Twelve-year-old whizz-kid Olly is a tech prodigy who accidentally creates a telepathic connection between him and his furry best friend Henry when his middle school science fair experiment goes awry.
When Chinese teen tech genius Xiao hacks into a vital satellite to help his American friend Olly read his dog’s mind, it’s flagged to a global security agency as a cyber attack. Misunderstanding the dog’s thoughts, they assume there’s going to be an attack on the President. It’s like WarGames for neo-liberals, with Xiao’s work having the potential not to start a nuclear conflagration but – arguably worse for some people – to bring down the entire banking system.
The hack is a big deal, though villainy in Think Like a Dog is mostly of the larger than life, slow to react in the face of danger, cartoonish type. “Run faster and don’t be such a dimwit!” I thought, a bit like when I take my own dog out for a jog with me and she insists on stopping dead in the middle of a busy road because 100 years ago another dog peed there. Even Olly’s dog Henry makes clear to Olly that he won’t actually eat the bad guy, not after 15,000 years of domestication.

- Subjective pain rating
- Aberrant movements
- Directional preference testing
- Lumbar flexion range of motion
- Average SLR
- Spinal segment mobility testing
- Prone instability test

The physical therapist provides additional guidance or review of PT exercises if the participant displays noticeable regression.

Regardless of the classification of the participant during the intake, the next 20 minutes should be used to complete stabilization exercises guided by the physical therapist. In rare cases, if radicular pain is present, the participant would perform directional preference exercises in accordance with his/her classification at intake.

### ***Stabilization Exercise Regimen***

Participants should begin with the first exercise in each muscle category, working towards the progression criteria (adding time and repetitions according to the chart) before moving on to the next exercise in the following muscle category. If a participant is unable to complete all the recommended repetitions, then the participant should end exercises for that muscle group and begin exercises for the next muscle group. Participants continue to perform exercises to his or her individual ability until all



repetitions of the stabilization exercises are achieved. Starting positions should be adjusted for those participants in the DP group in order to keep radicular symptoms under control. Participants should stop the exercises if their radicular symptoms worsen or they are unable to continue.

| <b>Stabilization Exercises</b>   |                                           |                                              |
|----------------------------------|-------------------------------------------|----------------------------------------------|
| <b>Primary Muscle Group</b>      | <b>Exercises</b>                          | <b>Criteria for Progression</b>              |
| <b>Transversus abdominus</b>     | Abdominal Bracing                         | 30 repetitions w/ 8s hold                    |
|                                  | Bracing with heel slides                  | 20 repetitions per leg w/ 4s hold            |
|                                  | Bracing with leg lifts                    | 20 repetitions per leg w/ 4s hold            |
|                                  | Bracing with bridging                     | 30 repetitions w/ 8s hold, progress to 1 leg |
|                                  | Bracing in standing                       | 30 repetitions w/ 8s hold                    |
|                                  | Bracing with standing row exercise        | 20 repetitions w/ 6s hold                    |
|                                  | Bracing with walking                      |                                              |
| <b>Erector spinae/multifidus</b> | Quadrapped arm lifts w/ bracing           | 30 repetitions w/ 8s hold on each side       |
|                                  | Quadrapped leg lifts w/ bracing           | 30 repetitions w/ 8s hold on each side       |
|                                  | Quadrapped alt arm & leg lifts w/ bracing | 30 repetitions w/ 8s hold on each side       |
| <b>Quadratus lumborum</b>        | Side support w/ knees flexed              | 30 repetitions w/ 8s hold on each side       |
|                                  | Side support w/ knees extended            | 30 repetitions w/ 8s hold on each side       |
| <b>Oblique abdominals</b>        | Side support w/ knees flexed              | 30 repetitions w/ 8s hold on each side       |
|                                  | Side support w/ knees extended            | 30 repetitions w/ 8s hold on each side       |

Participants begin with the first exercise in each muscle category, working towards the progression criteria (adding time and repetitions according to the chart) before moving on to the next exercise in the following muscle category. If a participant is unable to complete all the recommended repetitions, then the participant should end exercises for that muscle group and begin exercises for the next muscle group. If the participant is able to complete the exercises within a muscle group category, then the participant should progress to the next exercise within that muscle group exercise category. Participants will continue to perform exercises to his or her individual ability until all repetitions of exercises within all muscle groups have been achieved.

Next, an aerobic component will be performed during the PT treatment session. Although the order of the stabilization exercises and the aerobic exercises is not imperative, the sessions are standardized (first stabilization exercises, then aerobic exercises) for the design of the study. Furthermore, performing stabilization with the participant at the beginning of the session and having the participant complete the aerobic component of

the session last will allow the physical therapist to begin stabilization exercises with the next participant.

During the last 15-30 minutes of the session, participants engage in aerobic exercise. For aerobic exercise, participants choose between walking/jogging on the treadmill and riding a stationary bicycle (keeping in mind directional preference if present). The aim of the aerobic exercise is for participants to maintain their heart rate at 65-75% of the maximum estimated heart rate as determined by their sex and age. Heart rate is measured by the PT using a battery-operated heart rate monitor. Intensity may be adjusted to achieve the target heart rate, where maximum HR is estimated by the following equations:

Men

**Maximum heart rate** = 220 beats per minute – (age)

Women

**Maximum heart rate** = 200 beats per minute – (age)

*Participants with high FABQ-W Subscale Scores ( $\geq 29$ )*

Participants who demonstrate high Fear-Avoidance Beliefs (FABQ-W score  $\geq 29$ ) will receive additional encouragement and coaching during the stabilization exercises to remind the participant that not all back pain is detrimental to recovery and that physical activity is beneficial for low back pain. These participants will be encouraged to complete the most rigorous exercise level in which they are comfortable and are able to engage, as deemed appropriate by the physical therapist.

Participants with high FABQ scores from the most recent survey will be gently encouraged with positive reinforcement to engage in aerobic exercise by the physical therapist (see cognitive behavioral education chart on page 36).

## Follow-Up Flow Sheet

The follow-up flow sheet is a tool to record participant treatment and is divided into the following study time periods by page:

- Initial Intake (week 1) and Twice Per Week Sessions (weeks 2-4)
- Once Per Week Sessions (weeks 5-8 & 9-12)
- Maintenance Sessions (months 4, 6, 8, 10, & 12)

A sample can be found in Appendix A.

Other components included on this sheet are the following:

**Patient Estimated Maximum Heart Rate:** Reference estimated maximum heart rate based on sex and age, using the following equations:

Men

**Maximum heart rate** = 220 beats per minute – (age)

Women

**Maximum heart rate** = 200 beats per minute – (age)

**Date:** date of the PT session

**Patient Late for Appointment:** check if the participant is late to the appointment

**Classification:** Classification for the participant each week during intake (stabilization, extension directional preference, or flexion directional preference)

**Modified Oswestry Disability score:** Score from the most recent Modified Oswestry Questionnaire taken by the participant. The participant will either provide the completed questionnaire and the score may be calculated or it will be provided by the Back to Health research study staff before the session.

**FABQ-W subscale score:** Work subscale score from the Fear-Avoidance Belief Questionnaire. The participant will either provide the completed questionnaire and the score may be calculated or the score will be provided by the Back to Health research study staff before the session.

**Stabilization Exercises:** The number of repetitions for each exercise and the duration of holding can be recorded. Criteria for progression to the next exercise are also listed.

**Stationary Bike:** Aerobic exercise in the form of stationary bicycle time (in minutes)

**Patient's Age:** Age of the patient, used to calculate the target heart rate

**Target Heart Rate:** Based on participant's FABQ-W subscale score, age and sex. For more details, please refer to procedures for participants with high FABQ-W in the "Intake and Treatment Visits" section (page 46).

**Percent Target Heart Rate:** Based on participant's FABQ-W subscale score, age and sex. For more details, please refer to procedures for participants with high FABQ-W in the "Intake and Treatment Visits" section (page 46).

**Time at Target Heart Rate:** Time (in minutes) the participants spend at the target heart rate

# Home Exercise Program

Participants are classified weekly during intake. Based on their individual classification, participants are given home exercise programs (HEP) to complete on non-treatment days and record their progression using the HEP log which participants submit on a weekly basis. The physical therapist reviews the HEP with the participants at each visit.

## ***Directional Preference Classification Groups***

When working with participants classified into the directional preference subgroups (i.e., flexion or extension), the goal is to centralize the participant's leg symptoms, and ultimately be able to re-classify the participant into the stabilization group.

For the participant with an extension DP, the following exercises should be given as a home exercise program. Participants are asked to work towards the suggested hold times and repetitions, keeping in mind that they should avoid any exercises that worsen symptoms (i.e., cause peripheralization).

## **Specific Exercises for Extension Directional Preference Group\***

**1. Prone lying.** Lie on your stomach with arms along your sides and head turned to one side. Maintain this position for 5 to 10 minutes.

This is a good-hearted talking dog movie, with several doggie farts and much sniffing of butts. (My 8 year old awarded it four stars out of five, almost certainly because of the farts, and Henry’s “revenge poop”.)
Olly (Gabriel Batman) is being bullied at his science and technology school. His drama teacher picks on him and he’s too scared to ask Sophie, the girl of his dreams, to the school dance.
One day at the school science fair, attended by school benefactor and rock star tech entrepreneur Mr Mills (Kunal Nayyar), Olly demonstrates his latest invention: a thought reading machine. Thoughts are electrical disturbances in the brain, and if you magnify them enough you should be able to read them, he explains, before asking a classmate to think of a colour. But the classmate lies to the audience saying it doesn’t work, and Olly’s big moment fizzles out.
That night Xiao (Minghao Hou) hack into that satellite from China, to give Olly some extra processing power while he tests his thought-reading machine again, this time on Henry – and next morning Olly can hear his pet’s thoughts.